Discussion Post: Week 9
Well, we’re just about done with Presentation II. What sorts of things have you seen emerging in the presentations thus far? Are there any areas in which we seem to be excelling? Just as importantly, where is there room for improvement?
We’re going to narrow our focus to technology news this week — as always, you’re free to talk about a topic beyond the issues covered in this post, you’d like to discuss something that I’ve missed. For starters, anyone familiar with Anonymous knows that the loosely-connected hacker group represents, perhaps, the most notorious collective on the internet. As just a taste of their activities, on Friday the group released what seems to be sensitive information snatched from police chiefs from around the world during the annual conference of the International Association of Chiefs of Police (IACP). The documents released include “internal documents, membership rosters, Social Security Numbers [sic], addresses, passwords, and other data,” according to the hackers responsible. This was apparently a show of support for the 16th National Day of Protest to Stop Police Brutality, Repression and the Criminalization of a Generation, which took place on Saturday — the fact that the IACP conference began on Saturday as well was enough to incur Anonymous’ wrath.
Facebook privacy concerns never cease, do they? The social networking behemoth is once again facing scrutiny, this time from Irish investigators who may ultimately fine the company €100,000 (about $138,000) for not complying with its country’s privacy laws. The issue appears to be Facebook’s “shadow profiles,” which allegedly hold records of everything you do on the site. The latest wave of privacy panic started when Austrian law student Max Schrems, who was writing a paper on the subject, asked Facebook to send him a copy of all data related to him. They sent him a CD with 1,200 pages of information about his day-to-day activities, from ignored friend requests to deleted (yes, deleted) messages. Schrems and 21 other students subsequently filed a complaint with the Irish Data Protection Commissioner, which has jurisdiction over Facebook’s operations outside of the U.S. and Canada since the company’s international base of operations lies in Dublin. A slew of others have since requested their own data. As if that wasn’t enough bad news for Facebook, 86% of Facebook users “hate the new changes to the website,” and Google+ is maintaining its push to dethrone the internet giant. Still, it’s not all gloomy for the company, worth an estimated $82 billion: the police have been using Facebook to nab criminal suspects, and not everyone is so worried Facebook’s privacy threats. Researchers have also used Facebook as a data gold mine — most recently, we’ve found that you can learn a lot about someone’s brain structure from how many Facebook friends they have.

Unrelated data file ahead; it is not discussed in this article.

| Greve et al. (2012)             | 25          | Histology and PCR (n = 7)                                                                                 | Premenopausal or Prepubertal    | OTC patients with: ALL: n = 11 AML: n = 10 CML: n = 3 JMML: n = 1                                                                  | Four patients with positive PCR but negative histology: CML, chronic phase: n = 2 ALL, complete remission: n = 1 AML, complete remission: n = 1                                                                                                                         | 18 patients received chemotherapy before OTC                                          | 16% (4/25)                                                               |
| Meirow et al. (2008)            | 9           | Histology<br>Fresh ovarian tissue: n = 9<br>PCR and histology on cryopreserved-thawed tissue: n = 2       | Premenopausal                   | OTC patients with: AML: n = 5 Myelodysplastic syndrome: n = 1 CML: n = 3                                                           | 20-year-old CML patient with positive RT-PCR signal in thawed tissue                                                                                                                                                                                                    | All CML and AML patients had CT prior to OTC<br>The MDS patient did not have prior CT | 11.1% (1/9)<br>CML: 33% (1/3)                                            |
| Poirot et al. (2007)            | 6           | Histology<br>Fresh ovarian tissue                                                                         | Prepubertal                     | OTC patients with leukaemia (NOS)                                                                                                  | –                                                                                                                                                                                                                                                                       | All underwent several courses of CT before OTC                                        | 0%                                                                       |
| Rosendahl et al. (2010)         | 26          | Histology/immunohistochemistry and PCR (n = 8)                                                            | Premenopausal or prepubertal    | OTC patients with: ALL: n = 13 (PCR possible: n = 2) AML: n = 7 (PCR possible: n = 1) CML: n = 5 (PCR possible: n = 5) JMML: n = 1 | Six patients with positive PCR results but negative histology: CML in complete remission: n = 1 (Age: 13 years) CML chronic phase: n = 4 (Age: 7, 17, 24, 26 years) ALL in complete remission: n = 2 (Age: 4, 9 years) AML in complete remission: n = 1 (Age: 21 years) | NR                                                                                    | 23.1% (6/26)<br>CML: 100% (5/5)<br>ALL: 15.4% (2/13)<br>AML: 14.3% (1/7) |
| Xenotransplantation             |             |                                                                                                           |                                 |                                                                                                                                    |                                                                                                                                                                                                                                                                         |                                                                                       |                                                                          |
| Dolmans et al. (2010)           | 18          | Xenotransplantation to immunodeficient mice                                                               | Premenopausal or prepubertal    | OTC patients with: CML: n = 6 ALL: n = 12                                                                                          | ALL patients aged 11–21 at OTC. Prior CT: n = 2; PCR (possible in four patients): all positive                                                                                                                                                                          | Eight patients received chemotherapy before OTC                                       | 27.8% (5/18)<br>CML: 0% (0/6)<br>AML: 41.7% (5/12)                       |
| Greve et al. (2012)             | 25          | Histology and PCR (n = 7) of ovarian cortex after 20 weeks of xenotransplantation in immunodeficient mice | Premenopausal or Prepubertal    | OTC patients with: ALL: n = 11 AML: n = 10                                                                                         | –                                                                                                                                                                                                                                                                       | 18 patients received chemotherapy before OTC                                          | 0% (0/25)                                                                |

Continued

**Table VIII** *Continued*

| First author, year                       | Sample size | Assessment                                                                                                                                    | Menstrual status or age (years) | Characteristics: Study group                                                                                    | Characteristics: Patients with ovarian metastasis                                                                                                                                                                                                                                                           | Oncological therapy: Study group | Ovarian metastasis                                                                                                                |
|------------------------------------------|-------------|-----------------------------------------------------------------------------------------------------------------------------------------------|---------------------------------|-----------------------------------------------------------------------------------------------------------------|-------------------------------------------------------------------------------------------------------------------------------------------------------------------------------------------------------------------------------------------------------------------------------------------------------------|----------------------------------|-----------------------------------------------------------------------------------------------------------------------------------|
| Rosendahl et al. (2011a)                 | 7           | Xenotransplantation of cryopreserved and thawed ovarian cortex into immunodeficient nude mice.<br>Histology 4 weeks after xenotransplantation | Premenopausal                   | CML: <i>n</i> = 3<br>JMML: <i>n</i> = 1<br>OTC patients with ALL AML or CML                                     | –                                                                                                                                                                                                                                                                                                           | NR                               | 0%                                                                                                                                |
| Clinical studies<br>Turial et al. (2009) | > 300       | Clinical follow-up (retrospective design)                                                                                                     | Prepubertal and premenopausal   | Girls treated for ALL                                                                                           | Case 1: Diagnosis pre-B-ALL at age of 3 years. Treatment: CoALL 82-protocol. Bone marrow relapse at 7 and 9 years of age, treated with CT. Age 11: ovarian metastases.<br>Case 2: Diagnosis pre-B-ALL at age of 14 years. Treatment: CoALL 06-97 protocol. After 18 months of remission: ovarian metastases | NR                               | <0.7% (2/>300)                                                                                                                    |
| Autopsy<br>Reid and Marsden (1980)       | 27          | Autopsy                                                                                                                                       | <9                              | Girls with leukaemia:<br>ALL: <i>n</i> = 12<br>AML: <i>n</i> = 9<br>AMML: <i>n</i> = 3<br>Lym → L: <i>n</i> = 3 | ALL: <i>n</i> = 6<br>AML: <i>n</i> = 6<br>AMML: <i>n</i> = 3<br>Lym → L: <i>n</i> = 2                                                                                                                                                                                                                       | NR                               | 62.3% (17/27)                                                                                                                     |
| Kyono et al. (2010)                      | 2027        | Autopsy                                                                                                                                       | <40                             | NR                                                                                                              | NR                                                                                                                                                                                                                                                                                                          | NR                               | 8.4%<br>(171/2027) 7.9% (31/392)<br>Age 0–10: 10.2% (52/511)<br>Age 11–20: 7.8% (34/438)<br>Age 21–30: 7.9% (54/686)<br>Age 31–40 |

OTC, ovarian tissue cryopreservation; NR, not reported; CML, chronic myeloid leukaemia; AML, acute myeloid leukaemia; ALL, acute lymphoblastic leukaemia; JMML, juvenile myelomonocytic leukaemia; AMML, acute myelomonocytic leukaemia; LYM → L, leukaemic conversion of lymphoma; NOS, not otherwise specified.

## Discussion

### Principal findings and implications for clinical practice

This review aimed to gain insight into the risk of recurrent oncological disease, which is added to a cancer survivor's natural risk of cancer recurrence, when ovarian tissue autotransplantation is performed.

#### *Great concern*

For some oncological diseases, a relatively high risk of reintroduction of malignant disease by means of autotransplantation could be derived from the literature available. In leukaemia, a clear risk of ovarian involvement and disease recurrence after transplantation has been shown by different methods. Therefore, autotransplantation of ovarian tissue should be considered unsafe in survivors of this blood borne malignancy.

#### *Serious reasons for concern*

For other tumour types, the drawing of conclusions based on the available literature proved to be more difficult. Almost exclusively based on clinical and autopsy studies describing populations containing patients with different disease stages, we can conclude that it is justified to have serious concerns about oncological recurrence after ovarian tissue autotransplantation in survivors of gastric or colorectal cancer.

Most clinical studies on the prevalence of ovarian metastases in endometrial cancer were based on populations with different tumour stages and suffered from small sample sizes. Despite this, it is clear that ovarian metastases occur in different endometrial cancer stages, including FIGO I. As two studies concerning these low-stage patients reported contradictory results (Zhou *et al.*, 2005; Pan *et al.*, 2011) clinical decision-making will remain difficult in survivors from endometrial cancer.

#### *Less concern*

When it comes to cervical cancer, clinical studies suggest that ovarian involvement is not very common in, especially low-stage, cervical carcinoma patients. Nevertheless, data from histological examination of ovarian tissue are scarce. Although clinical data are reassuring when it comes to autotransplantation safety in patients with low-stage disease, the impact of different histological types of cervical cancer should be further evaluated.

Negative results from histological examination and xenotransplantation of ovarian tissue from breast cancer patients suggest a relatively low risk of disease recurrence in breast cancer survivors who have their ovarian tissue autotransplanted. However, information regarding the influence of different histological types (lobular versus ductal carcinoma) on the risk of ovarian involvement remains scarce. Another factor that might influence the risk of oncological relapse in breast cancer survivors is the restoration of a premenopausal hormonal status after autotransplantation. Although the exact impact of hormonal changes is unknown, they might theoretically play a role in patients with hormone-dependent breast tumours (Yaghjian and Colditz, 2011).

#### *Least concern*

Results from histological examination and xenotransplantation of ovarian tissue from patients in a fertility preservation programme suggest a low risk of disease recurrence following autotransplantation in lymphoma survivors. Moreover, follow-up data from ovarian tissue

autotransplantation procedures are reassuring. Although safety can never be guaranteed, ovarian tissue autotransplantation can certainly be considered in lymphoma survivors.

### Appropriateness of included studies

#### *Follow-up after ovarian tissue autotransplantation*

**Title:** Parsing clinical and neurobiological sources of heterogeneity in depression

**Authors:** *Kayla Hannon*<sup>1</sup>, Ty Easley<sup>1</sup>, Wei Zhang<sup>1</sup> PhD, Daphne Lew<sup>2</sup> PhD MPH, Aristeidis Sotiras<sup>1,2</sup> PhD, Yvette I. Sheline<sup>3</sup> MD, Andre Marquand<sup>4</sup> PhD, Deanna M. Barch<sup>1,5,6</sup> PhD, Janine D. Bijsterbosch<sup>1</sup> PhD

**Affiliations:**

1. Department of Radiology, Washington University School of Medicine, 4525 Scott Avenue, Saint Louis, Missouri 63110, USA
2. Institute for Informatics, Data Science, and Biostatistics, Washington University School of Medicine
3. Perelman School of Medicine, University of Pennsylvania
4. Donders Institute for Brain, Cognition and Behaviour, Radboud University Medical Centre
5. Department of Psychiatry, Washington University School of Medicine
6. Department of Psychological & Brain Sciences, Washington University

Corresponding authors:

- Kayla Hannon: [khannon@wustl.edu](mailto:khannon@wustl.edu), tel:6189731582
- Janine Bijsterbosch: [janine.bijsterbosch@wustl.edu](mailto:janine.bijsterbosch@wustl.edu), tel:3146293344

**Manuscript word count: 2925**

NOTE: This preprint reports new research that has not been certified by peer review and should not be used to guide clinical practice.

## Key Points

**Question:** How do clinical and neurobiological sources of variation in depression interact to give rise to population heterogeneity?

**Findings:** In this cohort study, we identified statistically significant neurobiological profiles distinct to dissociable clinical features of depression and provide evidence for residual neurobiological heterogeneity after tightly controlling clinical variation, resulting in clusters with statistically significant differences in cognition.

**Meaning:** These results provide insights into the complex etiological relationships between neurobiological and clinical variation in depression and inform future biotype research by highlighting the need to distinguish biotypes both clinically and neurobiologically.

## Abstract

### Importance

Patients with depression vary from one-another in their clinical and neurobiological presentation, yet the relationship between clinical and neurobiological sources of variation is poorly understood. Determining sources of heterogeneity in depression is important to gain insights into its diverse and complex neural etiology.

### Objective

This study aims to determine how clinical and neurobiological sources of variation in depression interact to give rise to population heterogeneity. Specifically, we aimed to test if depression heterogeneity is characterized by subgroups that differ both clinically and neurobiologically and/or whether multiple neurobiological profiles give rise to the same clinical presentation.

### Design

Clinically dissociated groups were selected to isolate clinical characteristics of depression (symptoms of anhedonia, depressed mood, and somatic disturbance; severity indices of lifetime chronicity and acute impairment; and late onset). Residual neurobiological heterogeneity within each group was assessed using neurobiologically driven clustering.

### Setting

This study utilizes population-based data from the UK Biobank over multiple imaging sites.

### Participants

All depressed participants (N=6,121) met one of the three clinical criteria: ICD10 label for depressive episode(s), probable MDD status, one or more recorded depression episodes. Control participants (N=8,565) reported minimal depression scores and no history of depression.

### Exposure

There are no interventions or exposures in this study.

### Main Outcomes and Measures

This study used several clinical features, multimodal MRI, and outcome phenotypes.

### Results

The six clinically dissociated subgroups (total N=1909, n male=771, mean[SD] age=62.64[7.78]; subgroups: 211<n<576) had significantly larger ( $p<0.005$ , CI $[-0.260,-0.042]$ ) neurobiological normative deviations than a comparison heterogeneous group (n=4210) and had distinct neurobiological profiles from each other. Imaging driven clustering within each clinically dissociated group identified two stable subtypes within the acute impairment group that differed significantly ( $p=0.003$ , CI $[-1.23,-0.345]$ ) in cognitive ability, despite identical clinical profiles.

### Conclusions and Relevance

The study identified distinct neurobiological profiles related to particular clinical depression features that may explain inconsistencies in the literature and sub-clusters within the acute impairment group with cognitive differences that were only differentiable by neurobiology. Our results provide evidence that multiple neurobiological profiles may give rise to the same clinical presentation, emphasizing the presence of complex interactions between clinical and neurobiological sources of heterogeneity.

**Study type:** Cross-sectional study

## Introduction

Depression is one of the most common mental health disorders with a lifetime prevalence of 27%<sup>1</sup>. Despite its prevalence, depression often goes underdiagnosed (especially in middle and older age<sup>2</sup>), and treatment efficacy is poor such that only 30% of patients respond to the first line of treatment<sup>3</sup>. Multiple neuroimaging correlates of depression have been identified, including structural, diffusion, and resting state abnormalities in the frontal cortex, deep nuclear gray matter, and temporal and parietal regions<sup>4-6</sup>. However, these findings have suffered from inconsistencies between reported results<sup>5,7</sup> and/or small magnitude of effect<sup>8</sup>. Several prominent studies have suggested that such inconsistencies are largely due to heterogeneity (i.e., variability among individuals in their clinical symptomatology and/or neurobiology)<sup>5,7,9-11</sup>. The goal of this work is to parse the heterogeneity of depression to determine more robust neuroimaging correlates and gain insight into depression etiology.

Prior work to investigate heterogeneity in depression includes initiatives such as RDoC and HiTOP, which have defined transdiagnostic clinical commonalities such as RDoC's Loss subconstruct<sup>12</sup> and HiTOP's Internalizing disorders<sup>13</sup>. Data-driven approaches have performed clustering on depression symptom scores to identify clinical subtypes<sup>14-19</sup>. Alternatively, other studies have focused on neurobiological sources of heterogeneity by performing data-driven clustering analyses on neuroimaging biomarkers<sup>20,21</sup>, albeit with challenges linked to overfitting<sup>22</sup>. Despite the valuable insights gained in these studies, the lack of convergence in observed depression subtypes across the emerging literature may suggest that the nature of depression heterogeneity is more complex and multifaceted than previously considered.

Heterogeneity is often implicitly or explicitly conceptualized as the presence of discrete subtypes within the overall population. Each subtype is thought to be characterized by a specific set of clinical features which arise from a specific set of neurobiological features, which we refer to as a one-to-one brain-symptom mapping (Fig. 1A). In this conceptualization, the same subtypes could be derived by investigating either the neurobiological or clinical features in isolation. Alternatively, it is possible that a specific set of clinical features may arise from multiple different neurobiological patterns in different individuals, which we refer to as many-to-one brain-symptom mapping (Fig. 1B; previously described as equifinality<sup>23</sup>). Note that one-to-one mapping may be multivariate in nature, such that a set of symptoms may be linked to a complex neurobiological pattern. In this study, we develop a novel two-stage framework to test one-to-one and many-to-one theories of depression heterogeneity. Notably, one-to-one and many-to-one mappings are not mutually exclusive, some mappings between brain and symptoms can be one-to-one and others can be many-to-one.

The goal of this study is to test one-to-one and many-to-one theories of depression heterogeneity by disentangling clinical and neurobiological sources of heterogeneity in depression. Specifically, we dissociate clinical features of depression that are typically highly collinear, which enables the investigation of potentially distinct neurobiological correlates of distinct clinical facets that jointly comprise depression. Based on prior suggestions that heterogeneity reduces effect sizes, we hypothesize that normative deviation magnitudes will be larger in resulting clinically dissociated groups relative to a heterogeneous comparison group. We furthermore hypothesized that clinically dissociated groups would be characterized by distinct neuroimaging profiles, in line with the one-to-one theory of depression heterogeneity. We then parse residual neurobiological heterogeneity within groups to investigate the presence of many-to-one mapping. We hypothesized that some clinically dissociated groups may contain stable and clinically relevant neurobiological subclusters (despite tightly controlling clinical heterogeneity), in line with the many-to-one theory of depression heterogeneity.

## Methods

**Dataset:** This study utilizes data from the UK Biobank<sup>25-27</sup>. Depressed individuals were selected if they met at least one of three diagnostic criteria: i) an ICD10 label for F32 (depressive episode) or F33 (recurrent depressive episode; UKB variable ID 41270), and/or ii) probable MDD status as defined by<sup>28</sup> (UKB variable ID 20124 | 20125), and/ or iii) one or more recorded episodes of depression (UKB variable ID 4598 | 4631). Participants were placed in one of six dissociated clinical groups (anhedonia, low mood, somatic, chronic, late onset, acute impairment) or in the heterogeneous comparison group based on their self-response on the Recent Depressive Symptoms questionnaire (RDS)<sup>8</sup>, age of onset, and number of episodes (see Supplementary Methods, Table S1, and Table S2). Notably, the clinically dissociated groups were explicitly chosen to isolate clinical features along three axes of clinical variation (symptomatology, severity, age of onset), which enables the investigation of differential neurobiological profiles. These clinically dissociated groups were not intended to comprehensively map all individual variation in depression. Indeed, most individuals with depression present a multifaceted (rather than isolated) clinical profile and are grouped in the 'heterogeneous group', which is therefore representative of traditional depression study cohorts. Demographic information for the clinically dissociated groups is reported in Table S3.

It’s funny how history repeats itself. In September, we talked about a dying satellite that was about to freefall to the earth’s surface. (The satellite, which was roughly the size of a school bus, apparently landed in the ocean.) It’s expected to happen again today, as Germany’s ROSAT satellite has ceased to operate as well. In years past, an average of only one satellite fell to earth each year. Still, the odds of ROSAT striking a person when it lands are roughly one in 2,000, according to the German Space Agency — leaving the odds of striking a particular individual at around one in 14 trillion — and since the earth is 75% water it likely won’t touch land at all. Still, it makes you wonder about all the other trash floating above our atmosphere. As NASA orbital scientist Mark Matney noted, “The U.S. space [sic] Surveillance Network has catalogued 16 thousand things in Earth orbit, many of them are quite small pieces of debris, but about 7,000 of those are large objects, spacecraft and large rocket bodies, we have made quite a mess up there.” Most of those 16,000 objects would likely be incinerated before reaching land, but the 7,000 with substantial mass throw the chances of debris hitting a person into question. Amidst these concerns, though, NASA is working to get the public excited about its new role, as 20 Twitter users following an earth-observing satellite’s launch will be given behind-the scenes access to the launch, and the organization is also working to extend its contract with Russia to ride its rockets to the International Space Station through 2016. NASA is also considering the development of space gas stations that would potentially help astronauts fly to much more distant locations, including other planets.
That’s enough for this week. You know the drill!
Other articles of interest:
As Libya cheers, questions over brutal Gadhafi death
Tunisia Set To Vote In First Free Elections
Tunisia vote could shape religion in public life
Hillary Clinton: U.S. will still stand by Iraq
European Leaders Push to End Debt Crisis
Police pepper spray Haka dancers at football game
Hacker develops rear window LED to send messages to other drivers
They grow up so fast: today is the 10 year anniversary of the iPod
Team won’t line up for extra point in tribute to teammate
World Series has the makings of a classic
Owners intent on spending limits
NBA lockout: Players react on Twitter
October 2011 Coding Challenge
Tags: 16th National Day of Protest to Stop Police Brutality Repression and the Criminalization of a Generation, Anonymous, Austria, Canada, Facebook, German Space Agency, Germany, International Association of Chiefs of Police, Ireland, Irish Data Protection Commissioner, Mark Matney, Max Schrems, NASA, Presentation II, ROSAT, shadow profiles, Twitter, U.S., U.S. Space Surveillance Network